Nearly all that Lou talked about did not pertain to our dice since the focus of his video was his dice versus dice made in China or Taiwan. The only part of his video that was directed towards us were the use of lamps at our booth to highlight our dice. The biggest reason we have the lamps is because we sell at a lot of show venues where the lighting is terrible, so poor that it is often difficult to distinguish colors like blue and purple apart from one another. We find it easier for preparations to have the lamps at all shows rather than have them at some and not others, even though it costs $100-$200 for the electrical hookup. The other main reason for the lamps is the extra light helps to bring out the details in the materials we use that normally would be missed by customers when they QUICKLY pass by our booth (after all, at big shows like Gen Con, we only have a few seconds of each attendees time to impress them enough to want to stop to take a closer look at our dice and we think the lamps do help us achieve this result).

So, the lamps are not there only to increase the luster of them, though this is does occur. For example, our opaque dice have not been polished to anything close to a high luster because we think they look better with a slightly matte finish. So, the lamps don't help here.

We actually sell Lou's dice at shows where he does not exhibit as well as to the trade. We think they are a quality product and there is a market for his dice and, since I have always liked Lou, try to help him out by increasing his outlets of distribution. We don't know if this is common knowledge or not, but the producer of the video, Gamestation (or their owners), are in the process of purchasing Gamescience from Lou. Our guess is the promotional value gained from being on You Tube is why the video was made and put up there. We don't have any problem with this and think it is a good idea on their part, but we think they could have been a little more forthcoming in their motivation as to why the video was made. Perhaps we should do some informational videos about our dice, the history of some color developments, etc.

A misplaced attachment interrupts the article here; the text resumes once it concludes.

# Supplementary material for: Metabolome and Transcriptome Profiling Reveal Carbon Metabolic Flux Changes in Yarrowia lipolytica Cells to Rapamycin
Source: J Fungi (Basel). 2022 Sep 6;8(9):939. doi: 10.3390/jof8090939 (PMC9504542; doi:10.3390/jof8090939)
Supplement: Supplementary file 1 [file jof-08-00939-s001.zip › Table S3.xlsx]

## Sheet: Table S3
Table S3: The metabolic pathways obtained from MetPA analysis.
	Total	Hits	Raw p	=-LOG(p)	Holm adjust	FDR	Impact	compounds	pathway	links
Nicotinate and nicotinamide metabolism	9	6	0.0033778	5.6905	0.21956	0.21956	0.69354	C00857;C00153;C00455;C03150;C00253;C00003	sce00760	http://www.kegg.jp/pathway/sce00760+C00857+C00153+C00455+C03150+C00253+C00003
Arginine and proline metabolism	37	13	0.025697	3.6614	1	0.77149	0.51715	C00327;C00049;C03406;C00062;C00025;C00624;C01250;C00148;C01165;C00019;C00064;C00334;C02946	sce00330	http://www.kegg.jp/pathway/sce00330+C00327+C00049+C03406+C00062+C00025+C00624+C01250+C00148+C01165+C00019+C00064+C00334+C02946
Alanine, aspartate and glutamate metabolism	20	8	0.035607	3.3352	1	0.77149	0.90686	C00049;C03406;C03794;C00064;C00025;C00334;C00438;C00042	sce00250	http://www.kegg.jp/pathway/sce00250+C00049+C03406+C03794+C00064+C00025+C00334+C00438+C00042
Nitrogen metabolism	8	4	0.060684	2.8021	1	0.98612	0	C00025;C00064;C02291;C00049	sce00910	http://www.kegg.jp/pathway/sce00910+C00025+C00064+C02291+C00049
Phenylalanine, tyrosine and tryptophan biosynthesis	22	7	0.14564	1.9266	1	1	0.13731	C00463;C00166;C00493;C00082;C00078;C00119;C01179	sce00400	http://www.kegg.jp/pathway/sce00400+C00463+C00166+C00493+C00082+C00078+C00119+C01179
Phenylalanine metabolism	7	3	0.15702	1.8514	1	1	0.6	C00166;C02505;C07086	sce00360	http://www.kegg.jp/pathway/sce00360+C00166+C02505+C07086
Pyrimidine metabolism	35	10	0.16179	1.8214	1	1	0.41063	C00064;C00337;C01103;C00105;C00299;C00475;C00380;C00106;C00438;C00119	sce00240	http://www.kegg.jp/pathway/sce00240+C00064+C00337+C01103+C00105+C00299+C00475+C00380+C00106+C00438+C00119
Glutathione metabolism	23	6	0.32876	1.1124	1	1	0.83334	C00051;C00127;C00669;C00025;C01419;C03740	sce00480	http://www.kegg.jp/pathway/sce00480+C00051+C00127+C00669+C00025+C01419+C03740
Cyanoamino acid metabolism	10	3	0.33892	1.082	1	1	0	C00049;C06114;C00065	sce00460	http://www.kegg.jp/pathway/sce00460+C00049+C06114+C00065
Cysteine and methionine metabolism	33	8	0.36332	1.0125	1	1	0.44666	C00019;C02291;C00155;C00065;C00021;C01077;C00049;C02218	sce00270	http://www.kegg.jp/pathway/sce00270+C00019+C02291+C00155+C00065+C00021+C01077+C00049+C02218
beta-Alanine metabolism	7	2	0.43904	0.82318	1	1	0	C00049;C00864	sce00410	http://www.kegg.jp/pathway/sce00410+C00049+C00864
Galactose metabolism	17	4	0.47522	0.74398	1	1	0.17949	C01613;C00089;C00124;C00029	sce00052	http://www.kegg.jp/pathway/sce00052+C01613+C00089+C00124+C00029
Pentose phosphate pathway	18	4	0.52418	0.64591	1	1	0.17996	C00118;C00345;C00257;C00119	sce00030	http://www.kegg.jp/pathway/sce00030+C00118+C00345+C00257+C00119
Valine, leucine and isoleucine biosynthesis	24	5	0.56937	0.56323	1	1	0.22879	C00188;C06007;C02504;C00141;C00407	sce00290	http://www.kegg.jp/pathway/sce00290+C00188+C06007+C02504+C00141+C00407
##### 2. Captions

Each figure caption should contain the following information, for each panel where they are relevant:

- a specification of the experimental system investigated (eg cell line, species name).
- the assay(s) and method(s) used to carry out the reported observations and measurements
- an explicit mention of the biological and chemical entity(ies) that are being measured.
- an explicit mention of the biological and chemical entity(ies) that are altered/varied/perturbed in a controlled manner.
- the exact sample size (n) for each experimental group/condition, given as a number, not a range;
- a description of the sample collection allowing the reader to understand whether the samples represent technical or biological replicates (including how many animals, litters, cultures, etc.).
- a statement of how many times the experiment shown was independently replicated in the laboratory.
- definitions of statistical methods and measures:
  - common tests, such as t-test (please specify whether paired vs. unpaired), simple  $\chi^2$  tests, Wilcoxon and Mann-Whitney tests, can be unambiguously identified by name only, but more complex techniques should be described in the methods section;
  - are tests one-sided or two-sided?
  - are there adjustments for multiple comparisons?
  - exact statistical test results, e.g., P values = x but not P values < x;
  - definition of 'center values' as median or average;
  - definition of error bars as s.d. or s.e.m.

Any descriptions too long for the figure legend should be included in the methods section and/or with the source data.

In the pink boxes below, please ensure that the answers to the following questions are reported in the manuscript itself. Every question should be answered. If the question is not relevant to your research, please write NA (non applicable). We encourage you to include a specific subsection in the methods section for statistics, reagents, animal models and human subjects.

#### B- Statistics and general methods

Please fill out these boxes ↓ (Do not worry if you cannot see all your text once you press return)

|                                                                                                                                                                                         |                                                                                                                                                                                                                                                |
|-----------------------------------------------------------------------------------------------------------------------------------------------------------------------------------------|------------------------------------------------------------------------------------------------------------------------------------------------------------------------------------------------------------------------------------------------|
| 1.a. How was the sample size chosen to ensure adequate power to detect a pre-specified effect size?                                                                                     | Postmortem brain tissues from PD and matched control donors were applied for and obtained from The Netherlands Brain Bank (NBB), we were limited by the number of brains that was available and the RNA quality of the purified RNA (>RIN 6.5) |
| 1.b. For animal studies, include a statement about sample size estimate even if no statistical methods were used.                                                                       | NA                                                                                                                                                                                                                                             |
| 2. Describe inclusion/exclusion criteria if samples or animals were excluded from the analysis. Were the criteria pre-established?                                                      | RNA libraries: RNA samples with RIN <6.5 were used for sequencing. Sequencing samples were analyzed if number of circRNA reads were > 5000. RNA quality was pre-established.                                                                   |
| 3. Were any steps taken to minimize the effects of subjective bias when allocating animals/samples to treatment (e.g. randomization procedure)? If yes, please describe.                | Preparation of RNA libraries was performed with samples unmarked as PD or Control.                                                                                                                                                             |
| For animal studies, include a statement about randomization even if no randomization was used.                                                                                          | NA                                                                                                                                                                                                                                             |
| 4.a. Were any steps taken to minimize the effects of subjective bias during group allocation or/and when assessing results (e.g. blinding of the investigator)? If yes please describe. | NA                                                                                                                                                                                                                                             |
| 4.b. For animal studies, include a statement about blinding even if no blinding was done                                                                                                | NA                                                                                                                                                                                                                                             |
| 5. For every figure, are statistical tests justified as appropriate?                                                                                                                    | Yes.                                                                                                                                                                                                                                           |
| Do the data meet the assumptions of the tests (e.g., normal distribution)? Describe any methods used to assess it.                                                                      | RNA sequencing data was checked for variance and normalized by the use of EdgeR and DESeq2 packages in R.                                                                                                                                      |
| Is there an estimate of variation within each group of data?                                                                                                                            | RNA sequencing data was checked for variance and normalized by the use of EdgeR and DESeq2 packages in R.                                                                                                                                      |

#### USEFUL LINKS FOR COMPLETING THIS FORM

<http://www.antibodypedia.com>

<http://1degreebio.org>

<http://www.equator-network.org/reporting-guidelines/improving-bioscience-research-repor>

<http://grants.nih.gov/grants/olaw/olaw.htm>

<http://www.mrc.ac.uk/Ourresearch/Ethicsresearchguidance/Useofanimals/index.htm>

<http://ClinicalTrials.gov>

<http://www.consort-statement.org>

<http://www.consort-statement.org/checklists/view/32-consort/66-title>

I hope this answers your questions and thanks for sending us the video link.
We found it interesting.

Regards,
Chessex
I agree that some of Lou's spiel seems targeted at older dice, like the infamously bad TSR dice of days gone. But for me the most interesting thing here is what Chessex doesn't say. There's no denial of Zocchi's claims about his competitors' inking process, which he suggests as the main place in the process where dice become lopsided. For me personally that was the most important part of the Colonel's patter.

I think it's important to note here that dice are simultaneously two different things in our hobby. On the one hand they are random number generators, intended to provide fair results to all players. On the other hand they are potent totems of gamer culture. The fact that we use weird poly dice is part of our geek heritage. I don't like diceless games or games that use spinners or cards as randomizers because that's not the way we do things. Similarly, Zocchi's technical issues are easily solved by using computerized randomization. A couple of times I tried using columns of electronically produced die-rolls hidden behing my screen, but it felt cold and lifeless to me.

So it seems to me that Zocchi is selling what I want. Gaming as I understand it involves rolling handfuls of weird dice, but it is equally important that those dice work as random number generators. As far as I can tell Colonel Lou doesn't make a d30, so I'm keeping my big purple thirty-sider from the Armory. Other than that, my plan is to rely on Gamescience for my future polyhedral needs.